The History of the GPL

Posted 5 Jul 2001 at 04:35 UTC by atai Share This

The GNU GPL is the fundamental document for Free Software. Because of its importance, it is useful to document its history and evolution, for reference purposes. As an attempt I have created such a web page at

The GNU GPL is the fundamental document for Free Software. Because of its importance, it is useful to document its historical evolution for reference purposes. As a first attempt I have created a web page documenting the history of the GPL at

I have incorporated material I can find from the web, usenet posts, mailing lists, etc. I think there may still be missing details or possible inaccuracies. I welcome any corrections, additional inputs or suggestions. Thanks,

Andy Tai,

sorry the article appears twice, posted 5 Jul 2001 at 04:45 UTC by atai » (Journeyer)

I don't know what I did but the article appears twice. Can the editor delete one instance of the article? Thanks

GPL is not a constitution for many of us, posted 5 Jul 2001 at 14:57 UTC by nik » (Master)

The GPL is most definitely not "the de facto constitution for the Free Software/Open Source movement". The GPL exists to further the aims of the GNU manifesto, pure and simple.

Speaking for myself, I have no need of a constitution. I contribute code and documentation because I enjoy doing it. I have no wish to further any particular agenda, and my only real goal is to improve the quality of code and documentation out there -- by raising the bar, everyone benefits.

As a programmer, I have no wish to be associated with a manifesto that has as its main aim the destruction of the market in which I make a living.

please, posted 5 Jul 2001 at 16:19 UTC by Zooko » (Master)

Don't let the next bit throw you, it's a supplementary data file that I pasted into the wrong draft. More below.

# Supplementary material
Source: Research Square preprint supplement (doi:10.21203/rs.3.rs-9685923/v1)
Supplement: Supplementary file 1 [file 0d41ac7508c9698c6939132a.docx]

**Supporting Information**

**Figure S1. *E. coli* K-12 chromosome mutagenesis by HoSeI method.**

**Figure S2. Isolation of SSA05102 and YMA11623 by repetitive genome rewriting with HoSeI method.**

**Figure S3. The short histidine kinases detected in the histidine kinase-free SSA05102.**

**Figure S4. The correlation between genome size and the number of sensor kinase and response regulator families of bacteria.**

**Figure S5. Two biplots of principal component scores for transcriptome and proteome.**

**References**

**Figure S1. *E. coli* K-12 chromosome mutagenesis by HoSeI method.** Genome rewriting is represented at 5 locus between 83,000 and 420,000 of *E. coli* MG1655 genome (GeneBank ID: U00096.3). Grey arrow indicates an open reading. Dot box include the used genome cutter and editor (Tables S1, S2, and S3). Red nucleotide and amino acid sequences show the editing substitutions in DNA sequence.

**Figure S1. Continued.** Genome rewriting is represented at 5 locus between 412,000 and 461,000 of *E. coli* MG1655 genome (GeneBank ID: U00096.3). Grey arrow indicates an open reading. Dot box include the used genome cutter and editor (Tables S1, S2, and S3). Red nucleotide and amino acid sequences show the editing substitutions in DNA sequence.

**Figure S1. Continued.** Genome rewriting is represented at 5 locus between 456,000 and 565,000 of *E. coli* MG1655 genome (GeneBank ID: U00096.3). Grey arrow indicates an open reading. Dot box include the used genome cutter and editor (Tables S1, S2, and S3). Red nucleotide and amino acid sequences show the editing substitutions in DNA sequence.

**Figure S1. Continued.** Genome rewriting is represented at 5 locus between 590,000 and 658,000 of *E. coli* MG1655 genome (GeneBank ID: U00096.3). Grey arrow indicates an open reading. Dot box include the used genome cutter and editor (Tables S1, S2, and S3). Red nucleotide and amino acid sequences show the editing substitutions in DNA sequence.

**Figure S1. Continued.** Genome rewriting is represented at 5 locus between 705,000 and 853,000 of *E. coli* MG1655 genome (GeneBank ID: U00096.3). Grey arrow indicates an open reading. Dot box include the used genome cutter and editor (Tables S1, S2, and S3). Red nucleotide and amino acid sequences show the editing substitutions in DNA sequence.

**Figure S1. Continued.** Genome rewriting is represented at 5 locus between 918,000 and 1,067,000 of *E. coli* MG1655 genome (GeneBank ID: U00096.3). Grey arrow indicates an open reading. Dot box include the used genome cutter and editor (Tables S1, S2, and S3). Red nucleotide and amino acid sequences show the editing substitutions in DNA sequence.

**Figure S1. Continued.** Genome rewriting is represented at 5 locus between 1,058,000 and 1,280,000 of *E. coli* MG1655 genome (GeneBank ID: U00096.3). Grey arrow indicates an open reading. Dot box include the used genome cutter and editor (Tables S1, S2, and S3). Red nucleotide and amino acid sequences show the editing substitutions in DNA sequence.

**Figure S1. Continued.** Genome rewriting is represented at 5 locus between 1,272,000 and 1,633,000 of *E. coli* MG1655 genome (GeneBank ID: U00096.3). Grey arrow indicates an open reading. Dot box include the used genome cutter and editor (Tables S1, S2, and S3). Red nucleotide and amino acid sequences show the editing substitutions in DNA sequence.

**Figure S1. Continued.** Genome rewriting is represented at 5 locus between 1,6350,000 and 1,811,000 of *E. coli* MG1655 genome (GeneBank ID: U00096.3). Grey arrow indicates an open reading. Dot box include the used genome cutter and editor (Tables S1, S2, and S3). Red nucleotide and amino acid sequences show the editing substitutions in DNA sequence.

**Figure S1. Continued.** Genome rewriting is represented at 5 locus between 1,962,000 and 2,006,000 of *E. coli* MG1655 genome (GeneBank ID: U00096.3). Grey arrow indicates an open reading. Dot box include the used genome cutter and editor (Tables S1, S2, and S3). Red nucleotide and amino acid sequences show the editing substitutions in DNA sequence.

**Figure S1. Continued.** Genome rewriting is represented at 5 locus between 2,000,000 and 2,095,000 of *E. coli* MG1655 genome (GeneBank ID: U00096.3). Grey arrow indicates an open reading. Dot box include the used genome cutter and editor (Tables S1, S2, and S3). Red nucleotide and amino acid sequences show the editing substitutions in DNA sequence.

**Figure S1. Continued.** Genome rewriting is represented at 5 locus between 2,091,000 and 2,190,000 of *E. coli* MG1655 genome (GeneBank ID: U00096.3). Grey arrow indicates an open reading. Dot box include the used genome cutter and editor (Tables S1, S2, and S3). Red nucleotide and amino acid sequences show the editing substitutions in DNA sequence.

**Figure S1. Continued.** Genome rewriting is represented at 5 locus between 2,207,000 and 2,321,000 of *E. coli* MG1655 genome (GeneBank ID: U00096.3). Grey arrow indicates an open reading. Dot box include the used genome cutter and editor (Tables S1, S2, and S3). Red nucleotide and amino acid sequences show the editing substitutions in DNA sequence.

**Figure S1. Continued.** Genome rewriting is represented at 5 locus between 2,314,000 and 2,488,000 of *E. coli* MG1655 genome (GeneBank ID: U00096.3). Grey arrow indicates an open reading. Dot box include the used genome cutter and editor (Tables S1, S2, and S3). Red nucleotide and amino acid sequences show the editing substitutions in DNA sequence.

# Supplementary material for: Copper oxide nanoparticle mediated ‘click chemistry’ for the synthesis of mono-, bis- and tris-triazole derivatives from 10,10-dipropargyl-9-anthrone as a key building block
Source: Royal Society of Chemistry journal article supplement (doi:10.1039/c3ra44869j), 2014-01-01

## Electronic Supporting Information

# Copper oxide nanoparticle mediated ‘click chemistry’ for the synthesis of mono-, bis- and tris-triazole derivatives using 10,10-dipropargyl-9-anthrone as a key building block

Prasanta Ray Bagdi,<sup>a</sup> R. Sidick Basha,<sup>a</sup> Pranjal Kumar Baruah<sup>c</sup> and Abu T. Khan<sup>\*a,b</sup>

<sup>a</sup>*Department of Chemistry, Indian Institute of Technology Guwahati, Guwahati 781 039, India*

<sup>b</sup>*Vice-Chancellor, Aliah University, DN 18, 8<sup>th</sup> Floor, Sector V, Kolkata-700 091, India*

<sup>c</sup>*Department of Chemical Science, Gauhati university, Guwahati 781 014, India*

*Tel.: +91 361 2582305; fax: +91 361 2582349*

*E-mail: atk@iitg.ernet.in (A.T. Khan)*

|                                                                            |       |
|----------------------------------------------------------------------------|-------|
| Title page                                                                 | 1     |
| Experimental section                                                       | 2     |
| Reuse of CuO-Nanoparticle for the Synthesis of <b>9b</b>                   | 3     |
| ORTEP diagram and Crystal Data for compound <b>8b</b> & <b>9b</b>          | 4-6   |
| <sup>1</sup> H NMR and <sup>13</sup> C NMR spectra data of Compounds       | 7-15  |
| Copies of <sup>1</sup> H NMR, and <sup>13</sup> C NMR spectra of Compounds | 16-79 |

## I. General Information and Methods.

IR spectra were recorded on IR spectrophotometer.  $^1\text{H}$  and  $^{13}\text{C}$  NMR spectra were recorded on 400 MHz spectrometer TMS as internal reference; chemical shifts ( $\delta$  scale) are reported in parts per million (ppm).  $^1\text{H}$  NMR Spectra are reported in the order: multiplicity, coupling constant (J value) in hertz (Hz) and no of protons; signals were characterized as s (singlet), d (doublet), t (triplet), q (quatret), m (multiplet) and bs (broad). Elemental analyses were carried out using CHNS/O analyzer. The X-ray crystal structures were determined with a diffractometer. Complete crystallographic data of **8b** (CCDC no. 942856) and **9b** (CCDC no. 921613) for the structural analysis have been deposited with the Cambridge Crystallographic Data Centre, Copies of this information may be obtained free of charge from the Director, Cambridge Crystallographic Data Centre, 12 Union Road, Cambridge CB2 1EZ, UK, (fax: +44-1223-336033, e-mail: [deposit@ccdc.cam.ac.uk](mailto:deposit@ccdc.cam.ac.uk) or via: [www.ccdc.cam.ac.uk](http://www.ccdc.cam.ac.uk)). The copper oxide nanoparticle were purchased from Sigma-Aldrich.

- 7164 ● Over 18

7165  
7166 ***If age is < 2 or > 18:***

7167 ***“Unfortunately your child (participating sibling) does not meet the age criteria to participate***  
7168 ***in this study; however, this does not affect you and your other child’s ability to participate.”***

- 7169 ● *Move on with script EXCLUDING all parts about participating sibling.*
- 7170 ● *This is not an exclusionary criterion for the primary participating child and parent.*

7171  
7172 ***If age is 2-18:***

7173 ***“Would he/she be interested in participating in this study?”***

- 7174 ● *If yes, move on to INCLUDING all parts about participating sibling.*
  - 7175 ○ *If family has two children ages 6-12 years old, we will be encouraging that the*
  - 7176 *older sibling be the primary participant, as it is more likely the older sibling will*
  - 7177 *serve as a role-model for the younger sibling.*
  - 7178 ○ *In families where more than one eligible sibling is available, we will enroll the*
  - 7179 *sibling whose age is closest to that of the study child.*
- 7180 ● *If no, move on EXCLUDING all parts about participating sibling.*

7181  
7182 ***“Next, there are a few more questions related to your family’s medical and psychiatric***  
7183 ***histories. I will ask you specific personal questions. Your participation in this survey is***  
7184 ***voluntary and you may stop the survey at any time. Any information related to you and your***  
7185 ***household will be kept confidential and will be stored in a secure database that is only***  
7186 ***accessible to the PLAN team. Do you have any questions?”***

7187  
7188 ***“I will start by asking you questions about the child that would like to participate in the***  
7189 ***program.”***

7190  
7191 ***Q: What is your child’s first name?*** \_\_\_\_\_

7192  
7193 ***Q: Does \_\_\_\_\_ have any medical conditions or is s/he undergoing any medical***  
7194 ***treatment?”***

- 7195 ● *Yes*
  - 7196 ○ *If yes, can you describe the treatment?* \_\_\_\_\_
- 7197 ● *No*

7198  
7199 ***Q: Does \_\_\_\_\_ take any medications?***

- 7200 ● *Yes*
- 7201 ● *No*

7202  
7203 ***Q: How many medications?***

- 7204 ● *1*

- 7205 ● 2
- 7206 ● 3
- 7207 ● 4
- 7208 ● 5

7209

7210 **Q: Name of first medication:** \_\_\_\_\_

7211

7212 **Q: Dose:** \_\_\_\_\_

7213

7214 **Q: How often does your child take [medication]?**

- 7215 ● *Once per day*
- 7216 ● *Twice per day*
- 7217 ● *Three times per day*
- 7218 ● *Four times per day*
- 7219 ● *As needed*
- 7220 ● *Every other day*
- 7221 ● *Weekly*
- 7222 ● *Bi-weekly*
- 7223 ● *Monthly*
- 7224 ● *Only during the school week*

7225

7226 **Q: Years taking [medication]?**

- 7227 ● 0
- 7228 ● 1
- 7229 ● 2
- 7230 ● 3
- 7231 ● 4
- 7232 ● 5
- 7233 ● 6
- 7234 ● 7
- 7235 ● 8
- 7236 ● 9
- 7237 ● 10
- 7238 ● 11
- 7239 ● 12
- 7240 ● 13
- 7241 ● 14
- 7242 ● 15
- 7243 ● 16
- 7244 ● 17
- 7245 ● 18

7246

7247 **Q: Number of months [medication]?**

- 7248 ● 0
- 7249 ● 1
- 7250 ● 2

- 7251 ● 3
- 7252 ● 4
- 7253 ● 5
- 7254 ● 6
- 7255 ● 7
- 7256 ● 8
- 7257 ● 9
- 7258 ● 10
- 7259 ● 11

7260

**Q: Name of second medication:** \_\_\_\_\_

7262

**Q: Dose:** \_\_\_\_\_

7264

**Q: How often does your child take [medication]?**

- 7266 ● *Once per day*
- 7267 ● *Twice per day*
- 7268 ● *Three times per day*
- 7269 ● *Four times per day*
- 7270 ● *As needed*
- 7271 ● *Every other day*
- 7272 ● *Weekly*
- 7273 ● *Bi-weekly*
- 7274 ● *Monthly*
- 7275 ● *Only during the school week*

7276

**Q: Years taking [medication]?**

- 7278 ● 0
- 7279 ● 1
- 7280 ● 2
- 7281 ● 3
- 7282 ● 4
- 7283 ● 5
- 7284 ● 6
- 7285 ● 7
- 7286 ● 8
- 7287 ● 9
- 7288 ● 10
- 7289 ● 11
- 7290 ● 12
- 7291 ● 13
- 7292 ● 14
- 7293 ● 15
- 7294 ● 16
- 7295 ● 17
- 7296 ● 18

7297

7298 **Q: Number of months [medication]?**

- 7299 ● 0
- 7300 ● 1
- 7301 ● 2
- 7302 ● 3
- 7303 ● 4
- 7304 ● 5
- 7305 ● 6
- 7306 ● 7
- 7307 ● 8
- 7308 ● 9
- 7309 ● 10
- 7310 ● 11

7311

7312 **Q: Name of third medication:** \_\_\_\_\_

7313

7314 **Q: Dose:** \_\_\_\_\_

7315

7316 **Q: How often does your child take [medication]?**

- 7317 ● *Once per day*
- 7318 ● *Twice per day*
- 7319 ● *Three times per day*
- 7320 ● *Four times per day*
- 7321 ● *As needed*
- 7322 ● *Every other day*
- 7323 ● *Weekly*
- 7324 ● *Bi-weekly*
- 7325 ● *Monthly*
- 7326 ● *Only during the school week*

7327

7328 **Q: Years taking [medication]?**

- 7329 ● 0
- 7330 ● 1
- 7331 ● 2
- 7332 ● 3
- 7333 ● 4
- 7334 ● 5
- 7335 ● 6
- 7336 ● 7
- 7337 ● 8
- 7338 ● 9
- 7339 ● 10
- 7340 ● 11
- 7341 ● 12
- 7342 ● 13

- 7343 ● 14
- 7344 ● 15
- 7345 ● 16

nik, you appear to think that atai was speaking for you, and you object to that. But he wasn't speaking for you, he was speaking for the Free Software Movement, which is a specific and semi-organized movement, not synonymous with "everyone who contributes libre or gratis software", and apparently not including you.

As for "a manifesto that has as its main aim the destruction of the market", I really think you must have gotten the wrong idea. As far as I know, the people of the Free Software Movement are happy to have a commercial market for software and to profit from it themselves. You may argue that their movement might have as an accidental consequence the destruction of the market, but this is entirely different from claiming that the movement has as its aim the destruction of the market.

If you have some evidence that the Free Software Movement has as its aim the destruction of the market, I would very much appreciate it if you would share it with me, as that would be very important for me to know.



important history (and question about majority claim), posted 5 Jul 2001 at 17:14 UTC by sej » (Master)

Thanks for pointing out this important history. It is a much more dramatic and relevant than the alternate genesis story of free software used by RMS of late, the one about the guy at CMU who wouldn't hand over a copy of Xerox printer software.

I don't know if the "majority" of free software is GPL'ed (using the FSF's definition of free software). It probably is the single largest collection of software under one license, but I'm not sure those lines of code exceed 50% of all lines of free software.

Stallman's personal ego trip, posted 5 Jul 2001 at 18:29 UTC by Bram » (Master)

Free software would exist without the GPL.